One woman explained her and her husband’s reasoning for yurts:

“We’re integrated into society, but we find it healthier to live like this rather than in the flat we were renting before.” The conflict has caused great dismay in the village as the yurt dwellers call for calm and the freedom to live a quiet life.

The issue:

It has become a cause celebre in the press, as they debate whether it is an “installation”, like a tent or a “construction,” subject to urban rules. The mayor denies that his decision has anything to do with the new proposed crime bill. Instead he says that it is outside the law to inhabit self-constructed buildings such as the yurt.

As I said before: so many issues wrapped up in this debate.

How do we organize towns and cities in a rational, efficient manner while also allowing for alternative housing like yurts? How do we make room in society for still-nomadic groups like Romas instead of calling them “a menace to society” (French President Sarkozy’s words) and inventing new laws just to get rid of them?

Essentially: how do we walk the line between “organized” civilization (city-managed storm-water management, sewage, etc) and healthy, simple lifestyles that, in the end, will be different for different people and in different regions?

When the feet roam, so do our minds

In Excerpts, Thoughts on January 1, 2011 at 12:31 am

Wendell Berry, Steven Johnson, Will Self, and Geoff Nicholson inhabit very different spheres.

(The first is a Christian and agrarian thinker born in 1934, the second a Wired contributor and ideas expert born in 1968, the third and fourth Brits who were born 8 years apart in the late fifties/early sixties and have made names for themselves as writers.)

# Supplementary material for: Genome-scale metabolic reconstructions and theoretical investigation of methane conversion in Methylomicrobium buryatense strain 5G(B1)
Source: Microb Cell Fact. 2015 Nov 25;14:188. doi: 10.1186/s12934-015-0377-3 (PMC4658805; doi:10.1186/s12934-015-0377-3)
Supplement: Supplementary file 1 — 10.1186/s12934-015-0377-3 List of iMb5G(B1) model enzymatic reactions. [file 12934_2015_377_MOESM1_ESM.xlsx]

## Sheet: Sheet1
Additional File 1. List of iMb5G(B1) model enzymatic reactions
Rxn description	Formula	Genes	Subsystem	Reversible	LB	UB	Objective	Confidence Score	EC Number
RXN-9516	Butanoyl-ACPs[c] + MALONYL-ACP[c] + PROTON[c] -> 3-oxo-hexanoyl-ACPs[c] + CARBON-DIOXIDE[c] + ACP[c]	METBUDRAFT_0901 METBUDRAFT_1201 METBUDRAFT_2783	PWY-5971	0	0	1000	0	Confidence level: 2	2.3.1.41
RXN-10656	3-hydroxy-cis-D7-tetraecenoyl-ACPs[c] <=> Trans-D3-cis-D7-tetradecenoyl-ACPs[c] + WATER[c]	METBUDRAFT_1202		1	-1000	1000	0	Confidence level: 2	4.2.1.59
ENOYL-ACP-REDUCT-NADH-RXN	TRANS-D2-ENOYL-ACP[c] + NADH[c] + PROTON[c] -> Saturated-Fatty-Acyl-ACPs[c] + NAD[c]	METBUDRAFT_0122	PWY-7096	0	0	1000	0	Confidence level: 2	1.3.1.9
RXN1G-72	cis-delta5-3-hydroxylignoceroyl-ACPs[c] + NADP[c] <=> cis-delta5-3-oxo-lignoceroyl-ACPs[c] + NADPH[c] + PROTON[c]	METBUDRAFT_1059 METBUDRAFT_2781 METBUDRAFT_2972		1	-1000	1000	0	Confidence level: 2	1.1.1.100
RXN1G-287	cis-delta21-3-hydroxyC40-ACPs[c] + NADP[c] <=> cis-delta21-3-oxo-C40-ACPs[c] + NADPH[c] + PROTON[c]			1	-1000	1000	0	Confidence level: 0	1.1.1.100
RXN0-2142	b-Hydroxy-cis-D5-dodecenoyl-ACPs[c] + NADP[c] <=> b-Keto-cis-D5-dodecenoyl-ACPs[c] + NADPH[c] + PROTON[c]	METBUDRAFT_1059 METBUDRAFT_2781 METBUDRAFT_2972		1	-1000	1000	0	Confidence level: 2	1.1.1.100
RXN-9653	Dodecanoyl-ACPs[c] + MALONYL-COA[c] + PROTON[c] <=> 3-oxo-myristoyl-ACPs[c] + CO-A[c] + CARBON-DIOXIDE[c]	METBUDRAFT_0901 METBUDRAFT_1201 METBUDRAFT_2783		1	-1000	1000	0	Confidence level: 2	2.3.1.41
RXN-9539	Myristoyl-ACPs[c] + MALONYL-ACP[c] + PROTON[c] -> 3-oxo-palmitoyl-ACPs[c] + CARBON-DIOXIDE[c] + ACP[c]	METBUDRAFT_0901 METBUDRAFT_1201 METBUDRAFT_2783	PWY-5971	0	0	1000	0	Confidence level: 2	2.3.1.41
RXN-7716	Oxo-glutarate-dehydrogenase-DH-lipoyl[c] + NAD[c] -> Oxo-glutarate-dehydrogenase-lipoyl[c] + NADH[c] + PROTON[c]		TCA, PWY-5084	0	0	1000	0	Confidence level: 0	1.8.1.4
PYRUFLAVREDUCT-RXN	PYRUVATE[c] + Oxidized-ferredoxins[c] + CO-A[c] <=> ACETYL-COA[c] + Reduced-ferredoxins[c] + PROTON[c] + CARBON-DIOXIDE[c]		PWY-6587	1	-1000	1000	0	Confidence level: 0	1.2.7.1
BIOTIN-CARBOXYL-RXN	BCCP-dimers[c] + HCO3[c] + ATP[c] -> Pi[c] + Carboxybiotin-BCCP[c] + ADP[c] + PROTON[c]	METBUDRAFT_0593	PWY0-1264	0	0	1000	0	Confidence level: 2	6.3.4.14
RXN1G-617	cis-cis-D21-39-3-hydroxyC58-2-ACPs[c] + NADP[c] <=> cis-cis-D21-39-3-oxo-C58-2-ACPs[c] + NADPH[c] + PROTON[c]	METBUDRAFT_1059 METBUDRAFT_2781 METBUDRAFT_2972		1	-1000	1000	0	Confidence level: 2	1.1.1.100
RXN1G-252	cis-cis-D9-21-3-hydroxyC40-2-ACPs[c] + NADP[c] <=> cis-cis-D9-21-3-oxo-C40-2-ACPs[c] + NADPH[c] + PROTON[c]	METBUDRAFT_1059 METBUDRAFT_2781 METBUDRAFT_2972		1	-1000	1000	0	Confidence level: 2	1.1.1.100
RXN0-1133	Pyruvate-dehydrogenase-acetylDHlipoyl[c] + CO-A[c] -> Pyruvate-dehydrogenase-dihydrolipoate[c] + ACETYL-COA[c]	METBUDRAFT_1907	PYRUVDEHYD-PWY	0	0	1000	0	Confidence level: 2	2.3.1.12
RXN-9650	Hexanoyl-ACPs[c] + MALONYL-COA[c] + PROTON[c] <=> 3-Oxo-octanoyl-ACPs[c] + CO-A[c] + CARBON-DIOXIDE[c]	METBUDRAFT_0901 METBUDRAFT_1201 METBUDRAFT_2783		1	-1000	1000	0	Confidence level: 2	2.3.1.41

Yet they all agree on the value of walking.

Nicholson, in the introduction to his correspondence with Self in The Believer, writes:

While living in London and New York, two of the great walking cities, I’d walked every day as a way of getting around, and as a means of urban exploration. Later, when I settled in L.A., a city where nobody walks, I continued to walk as best I could, but it was an effort, a deliberate decision to go against the prevailing culture. It seemed unnatural, an act of protest or eccentricity, but I wasn’t protesting anything and didn’t want to be willfully eccentric. I just wanted to walk.

Berry uses walking as an example of how enormous problems require small, simple solutions, which are often wondrously pragmatic:

“If a city-dweller walks…to work, he has found the simplest solution to his transportation problem—and at the same time he is reducing pollution, reducing the waste of natural resources, reducing the public expenditure for traffic control, saving his money, and improving his health.”

The body is not the only thing improved by a long walk. Johnson, in his 2010 book Where Good Ideas Come From: The Natural History of Innovation, explains a less noticeable benefit to regular walks. His main idea rests on the fact that ideas come when the brain is allowed to put things together in novel ways. And how do you do this?

“One way is to go for a walk. The history of innovation is replete with stories of good ideas that occurred to people while they were out on a stroll. The…stroll removes you from the task-based focus of modern life—paying bills, answering e-mail, helping kids with homework—and deposits you in a more associate state.”

And then Self, responding to Nicholson’s questions about whether walking can be addicting, like drugs (with which Self has significant experience), offers perhaps the most intriguing view of the pedestrian way:

“I have to concede that the 4/4 rhythm, the sense I have on long walks—both urban and rural—of being rather disembodied: a head floating above the ground; the meditational aspect, whereby I allow my mind to “slip its gears”—all of these do seem akin to the kind of altered experience I sought in drugs. The bizarre thing is that while walking can produce these effects more reliably, I don’t feel driven to it too compulsively… yet.”

Tellingly, Self’s description alludes to Johnson’s assertion that our mind “slips its gears” while out walking, is allowed to roam as we ourselves roam.

Unfortunately, I’m currently in Hawaii, and unable to walk to my next destination: Chicago. But rest assured, though winter is in full force there, I’ll be out for a stroll soon.